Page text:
If the program is setup right, I truly feel this would cause less conflict, less resentment, less hidden agendas, & less conspiracy thoughts within the workplace. And create a more motivated, focused, & challenged group of people.

  62. Sounds nice but I have one question: how can you ensure in the same time salaries are known inside the company but unknown outside (to the competition)?

  63. The competition will have to keep up and always has , it make no difference what so ever , at the nd the Employee benefit the company does not have closet mentality which is detrimental to production and the share holders . By the way some company do post their salaries.

  64. Hey, how about this…what I earn is none of your damn business.

    I would never work for a company that openly published salaries. What I earn is between me, and the person who signs my check, and that’s it.

  65. I have had interviewers for jobs tell me that they are not going to pay me as much as other employees because I am recieving a retirement from another career. Since I retired I can work for less pay. I told them that they did not earn that money and don’t get to steal from me and walked out. How do I know that my current employer is not doing the same thing but just not telling me if salaries are secret?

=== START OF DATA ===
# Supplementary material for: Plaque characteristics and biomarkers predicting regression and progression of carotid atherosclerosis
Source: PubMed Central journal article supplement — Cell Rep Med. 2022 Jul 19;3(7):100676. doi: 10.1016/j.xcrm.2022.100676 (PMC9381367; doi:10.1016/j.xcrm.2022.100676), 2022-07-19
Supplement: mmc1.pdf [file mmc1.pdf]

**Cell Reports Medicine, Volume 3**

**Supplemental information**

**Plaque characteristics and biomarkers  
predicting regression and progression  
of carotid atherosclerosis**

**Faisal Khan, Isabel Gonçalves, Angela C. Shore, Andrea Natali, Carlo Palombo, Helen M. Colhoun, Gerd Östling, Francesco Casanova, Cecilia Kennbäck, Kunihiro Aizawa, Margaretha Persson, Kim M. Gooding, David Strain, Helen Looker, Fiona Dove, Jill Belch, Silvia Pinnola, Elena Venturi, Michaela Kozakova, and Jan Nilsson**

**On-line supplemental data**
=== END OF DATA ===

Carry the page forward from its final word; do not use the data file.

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  67. The one biggest reality check is that, YES, NO MATTER WHAT YOU DO SALARIES CAN”T BE KEPT SECRET….and so.. consequences are obvious…guess its about time for companies to stop acting like ostriches …

  68. This is one of those things (the sharing of salary information) that might sound good in theory, but would be a disaster if implemented at many companies.

    As several posters have noted, there are often very legitimate reasons that one employee makes significantly more (or less) than another employee doing substantially the same job. The problem is that, while management might appreciate those reasons, co-workers may not. In a way, its human nature to think that were better than everyone else at what we do; even when it isnt true. (Just think about driving, for example. Everyone thinks that THEY drive well, and that everyone ELSE drives bad.) So, the idea that management can just explain away the pay difference, doesnt strike me as very realistic.

    Aside from this, many factors that go into evaluating an employee and setting his pay are intangible. Because of this, various people in the office may have very legitimate differences of opinion as to the value of specific workers, based upon their own relationship with and knowledge of each worker. In other words, no matter how good a manager is at explaining why a particular employee gets paid a particular salary, you will at least in a big enough company have at least a few people who have a very different opinion about that same employee. This will ultimately breed resentment.

    Oh, and I should mentionIm surprised that so many here claim to know what their co-workers make. It is hush-hush at my company, and somehow manages to stay that way pretty successfully. Maybe people just gossip less where I work?

  69. We have secrete salaries where I work and it drives me nuts! Especially when new hires talk about how much they were hired and they are making more than I am after working there a year and a half. Doesn’t motivate me to work any harder.